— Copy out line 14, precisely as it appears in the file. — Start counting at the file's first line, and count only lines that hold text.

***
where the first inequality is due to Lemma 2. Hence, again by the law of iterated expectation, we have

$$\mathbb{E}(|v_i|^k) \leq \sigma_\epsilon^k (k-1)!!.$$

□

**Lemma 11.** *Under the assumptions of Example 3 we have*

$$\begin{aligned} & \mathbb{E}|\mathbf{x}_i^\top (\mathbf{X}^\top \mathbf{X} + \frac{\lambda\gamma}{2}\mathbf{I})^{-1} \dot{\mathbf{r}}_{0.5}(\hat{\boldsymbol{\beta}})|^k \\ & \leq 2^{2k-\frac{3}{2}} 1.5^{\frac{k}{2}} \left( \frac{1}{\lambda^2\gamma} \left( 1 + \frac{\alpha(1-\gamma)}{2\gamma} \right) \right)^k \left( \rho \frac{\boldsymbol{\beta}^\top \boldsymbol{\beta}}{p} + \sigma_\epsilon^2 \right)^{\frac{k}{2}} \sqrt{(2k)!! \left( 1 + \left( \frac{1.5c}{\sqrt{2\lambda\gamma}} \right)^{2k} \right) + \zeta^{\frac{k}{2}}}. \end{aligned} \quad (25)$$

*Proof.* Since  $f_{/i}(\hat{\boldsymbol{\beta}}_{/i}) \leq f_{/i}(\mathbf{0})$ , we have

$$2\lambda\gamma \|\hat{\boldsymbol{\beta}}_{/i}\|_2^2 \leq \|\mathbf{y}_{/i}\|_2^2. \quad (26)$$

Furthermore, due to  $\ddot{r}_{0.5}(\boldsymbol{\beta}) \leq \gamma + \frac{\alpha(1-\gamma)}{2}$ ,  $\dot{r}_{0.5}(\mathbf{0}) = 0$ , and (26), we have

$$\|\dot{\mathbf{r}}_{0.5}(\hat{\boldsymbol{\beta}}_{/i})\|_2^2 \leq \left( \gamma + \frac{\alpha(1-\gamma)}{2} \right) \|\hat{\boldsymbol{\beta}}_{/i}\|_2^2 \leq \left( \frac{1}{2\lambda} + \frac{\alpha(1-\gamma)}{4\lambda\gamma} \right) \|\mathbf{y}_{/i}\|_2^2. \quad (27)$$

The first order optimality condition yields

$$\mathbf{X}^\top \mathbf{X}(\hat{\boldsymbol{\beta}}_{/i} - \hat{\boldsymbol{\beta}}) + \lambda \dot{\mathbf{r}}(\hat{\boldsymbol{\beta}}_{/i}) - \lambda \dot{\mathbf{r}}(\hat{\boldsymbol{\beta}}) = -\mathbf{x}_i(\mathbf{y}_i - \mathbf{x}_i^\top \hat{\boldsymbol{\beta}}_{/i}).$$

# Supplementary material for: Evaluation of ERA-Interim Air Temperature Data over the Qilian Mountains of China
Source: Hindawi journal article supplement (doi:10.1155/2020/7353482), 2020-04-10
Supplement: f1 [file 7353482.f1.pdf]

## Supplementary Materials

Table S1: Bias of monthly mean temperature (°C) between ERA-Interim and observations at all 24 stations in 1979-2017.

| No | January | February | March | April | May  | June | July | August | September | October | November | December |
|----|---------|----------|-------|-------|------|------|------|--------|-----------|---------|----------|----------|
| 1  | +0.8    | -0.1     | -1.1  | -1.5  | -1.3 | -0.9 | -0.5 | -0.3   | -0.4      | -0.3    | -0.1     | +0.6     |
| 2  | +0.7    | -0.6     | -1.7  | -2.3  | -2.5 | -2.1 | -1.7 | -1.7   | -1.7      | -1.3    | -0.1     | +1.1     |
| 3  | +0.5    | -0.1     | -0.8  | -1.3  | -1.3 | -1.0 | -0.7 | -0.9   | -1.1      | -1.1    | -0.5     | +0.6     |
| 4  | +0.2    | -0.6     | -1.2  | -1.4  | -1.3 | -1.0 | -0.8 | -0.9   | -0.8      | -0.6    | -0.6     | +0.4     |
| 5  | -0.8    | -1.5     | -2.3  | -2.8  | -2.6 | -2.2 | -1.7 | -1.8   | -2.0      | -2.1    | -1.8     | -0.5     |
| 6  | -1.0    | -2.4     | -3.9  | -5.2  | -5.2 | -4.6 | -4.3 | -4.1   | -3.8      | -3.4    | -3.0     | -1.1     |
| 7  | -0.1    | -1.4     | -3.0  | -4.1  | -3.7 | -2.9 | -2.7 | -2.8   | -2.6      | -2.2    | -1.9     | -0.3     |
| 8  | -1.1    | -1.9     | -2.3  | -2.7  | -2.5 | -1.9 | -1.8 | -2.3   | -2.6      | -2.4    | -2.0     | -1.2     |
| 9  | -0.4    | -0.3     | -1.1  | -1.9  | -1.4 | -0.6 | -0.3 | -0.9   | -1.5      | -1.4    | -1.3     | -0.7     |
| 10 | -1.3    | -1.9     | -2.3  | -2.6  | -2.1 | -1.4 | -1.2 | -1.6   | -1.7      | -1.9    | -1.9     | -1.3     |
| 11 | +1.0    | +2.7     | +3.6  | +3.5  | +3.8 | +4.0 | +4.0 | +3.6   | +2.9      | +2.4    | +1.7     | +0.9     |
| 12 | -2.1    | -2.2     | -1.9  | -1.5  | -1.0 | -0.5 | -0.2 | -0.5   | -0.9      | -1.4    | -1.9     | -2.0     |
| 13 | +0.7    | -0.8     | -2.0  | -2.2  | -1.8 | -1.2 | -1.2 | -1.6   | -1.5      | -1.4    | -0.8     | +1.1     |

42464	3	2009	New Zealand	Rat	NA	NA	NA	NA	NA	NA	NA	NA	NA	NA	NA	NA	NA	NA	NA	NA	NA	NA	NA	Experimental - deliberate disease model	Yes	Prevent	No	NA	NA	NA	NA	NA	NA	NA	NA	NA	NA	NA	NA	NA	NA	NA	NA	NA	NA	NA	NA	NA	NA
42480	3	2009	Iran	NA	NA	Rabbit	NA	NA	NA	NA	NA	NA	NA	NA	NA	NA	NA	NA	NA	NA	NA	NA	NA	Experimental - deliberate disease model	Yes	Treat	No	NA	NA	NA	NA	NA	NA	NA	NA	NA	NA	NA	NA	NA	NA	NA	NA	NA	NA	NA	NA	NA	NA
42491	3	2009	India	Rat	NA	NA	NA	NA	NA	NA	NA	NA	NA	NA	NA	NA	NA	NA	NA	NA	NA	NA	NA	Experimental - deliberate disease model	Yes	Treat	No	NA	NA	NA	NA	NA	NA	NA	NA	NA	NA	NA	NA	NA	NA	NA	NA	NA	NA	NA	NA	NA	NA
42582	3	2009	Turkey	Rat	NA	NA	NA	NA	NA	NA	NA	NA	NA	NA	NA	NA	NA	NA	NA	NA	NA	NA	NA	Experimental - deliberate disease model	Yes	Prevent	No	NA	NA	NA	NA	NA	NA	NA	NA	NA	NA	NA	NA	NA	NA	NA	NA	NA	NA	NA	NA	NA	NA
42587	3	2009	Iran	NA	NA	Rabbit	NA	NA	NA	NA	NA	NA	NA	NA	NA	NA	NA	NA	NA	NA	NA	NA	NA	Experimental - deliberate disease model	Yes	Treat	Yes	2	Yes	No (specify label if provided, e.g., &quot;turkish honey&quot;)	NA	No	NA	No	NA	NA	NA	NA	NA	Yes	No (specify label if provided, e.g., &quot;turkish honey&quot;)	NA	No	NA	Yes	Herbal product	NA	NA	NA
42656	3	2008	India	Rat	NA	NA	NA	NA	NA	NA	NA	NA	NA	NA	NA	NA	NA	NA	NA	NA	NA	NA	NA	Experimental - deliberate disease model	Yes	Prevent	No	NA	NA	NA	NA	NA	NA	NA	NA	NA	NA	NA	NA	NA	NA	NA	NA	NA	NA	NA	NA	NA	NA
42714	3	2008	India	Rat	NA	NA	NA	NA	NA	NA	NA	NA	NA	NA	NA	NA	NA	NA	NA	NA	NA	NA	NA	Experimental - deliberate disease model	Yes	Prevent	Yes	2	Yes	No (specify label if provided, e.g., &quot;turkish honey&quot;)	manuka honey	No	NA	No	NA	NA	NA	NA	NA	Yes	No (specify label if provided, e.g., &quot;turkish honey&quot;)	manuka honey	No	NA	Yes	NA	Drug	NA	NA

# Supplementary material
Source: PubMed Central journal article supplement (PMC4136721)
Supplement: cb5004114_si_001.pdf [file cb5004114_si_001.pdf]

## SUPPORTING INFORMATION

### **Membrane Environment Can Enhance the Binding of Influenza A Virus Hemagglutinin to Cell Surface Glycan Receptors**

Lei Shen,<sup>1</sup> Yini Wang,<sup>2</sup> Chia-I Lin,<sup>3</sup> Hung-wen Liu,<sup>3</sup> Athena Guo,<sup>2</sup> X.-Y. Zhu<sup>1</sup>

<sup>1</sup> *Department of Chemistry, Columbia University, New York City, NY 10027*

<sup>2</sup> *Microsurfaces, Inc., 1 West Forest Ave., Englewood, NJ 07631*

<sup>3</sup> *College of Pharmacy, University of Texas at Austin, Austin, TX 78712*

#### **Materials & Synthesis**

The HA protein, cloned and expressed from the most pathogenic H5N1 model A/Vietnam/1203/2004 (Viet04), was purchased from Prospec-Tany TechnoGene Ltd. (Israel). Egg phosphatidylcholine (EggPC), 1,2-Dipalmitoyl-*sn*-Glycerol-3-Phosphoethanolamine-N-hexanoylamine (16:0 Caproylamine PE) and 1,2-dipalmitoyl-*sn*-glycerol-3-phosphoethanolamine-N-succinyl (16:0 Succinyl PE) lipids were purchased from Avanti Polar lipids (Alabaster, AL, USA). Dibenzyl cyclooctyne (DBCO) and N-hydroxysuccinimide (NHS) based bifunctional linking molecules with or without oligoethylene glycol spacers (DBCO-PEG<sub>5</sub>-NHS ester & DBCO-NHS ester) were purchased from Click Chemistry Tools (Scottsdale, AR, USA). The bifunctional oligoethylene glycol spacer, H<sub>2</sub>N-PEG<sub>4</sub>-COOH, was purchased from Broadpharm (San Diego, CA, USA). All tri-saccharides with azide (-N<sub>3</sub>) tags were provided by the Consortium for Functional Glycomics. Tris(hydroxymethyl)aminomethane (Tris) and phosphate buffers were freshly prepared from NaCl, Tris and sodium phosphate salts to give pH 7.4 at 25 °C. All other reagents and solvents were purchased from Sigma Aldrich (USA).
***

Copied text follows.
Supplement: f1 [file 7353482.f1.pdf]